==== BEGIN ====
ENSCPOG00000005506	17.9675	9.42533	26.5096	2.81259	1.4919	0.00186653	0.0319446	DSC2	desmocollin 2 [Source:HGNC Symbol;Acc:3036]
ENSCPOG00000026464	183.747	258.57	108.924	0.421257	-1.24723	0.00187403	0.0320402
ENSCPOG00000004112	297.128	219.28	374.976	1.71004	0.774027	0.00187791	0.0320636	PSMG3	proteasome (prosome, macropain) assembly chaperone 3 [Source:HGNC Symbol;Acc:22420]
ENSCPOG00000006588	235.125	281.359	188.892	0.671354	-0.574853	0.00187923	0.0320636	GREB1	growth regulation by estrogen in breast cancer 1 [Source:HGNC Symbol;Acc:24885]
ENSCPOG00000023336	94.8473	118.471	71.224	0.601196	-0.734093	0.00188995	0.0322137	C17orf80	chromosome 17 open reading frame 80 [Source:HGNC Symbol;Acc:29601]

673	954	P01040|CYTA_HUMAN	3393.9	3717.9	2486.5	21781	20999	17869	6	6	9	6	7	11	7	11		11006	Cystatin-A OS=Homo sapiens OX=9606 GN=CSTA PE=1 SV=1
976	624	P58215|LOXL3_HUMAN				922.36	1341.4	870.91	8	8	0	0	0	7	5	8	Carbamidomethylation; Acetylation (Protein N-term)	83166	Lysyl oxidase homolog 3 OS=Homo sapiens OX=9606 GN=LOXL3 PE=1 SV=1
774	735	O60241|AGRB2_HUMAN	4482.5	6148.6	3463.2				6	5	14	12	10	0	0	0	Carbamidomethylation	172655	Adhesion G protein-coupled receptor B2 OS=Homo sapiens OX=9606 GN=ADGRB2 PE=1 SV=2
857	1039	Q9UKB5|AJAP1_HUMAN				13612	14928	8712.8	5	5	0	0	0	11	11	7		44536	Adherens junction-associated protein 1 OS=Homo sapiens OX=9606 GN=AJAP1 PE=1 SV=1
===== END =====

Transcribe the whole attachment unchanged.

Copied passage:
ENSCPOG00000005506	17.9675	9.42533	26.5096	2.81259	1.4919	0.00186653	0.0319446	DSC2	desmocollin 2 [Source:HGNC Symbol;Acc:3036]
ENSCPOG00000026464	183.747	258.57	108.924	0.421257	-1.24723	0.00187403	0.0320402
ENSCPOG00000004112	297.128	219.28	374.976	1.71004	0.774027	0.00187791	0.0320636	PSMG3	proteasome (prosome, macropain) assembly chaperone 3 [Source:HGNC Symbol;Acc:22420]
ENSCPOG00000006588	235.125	281.359	188.892	0.671354	-0.574853	0.00187923	0.0320636	GREB1	growth regulation by estrogen in breast cancer 1 [Source:HGNC Symbol;Acc:24885]
ENSCPOG00000023336	94.8473	118.471	71.224	0.601196	-0.734093	0.00188995	0.0322137	C17orf80	chromosome 17 open reading frame 80 [Source:HGNC Symbol;Acc:29601]

673	954	P01040|CYTA_HUMAN	3393.9	3717.9	2486.5	21781	20999	17869	6	6	9	6	7	11	7	11		11006	Cystatin-A OS=Homo sapiens OX=9606 GN=CSTA PE=1 SV=1
976	624	P58215|LOXL3_HUMAN				922.36	1341.4	870.91	8	8	0	0	0	7	5	8	Carbamidomethylation; Acetylation (Protein N-term)	83166	Lysyl oxidase homolog 3 OS=Homo sapiens OX=9606 GN=LOXL3 PE=1 SV=1
774	735	O60241|AGRB2_HUMAN	4482.5	6148.6	3463.2				6	5	14	12	10	0	0	0	Carbamidomethylation	172655	Adhesion G protein-coupled receptor B2 OS=Homo sapiens OX=9606 GN=ADGRB2 PE=1 SV=2
857	1039	Q9UKB5|AJAP1_HUMAN				13612	14928	8712.8	5	5	0	0	0	11	11	7		44536	Adherens junction-associated protein 1 OS=Homo sapiens OX=9606 GN=AJAP1 PE=1 SV=1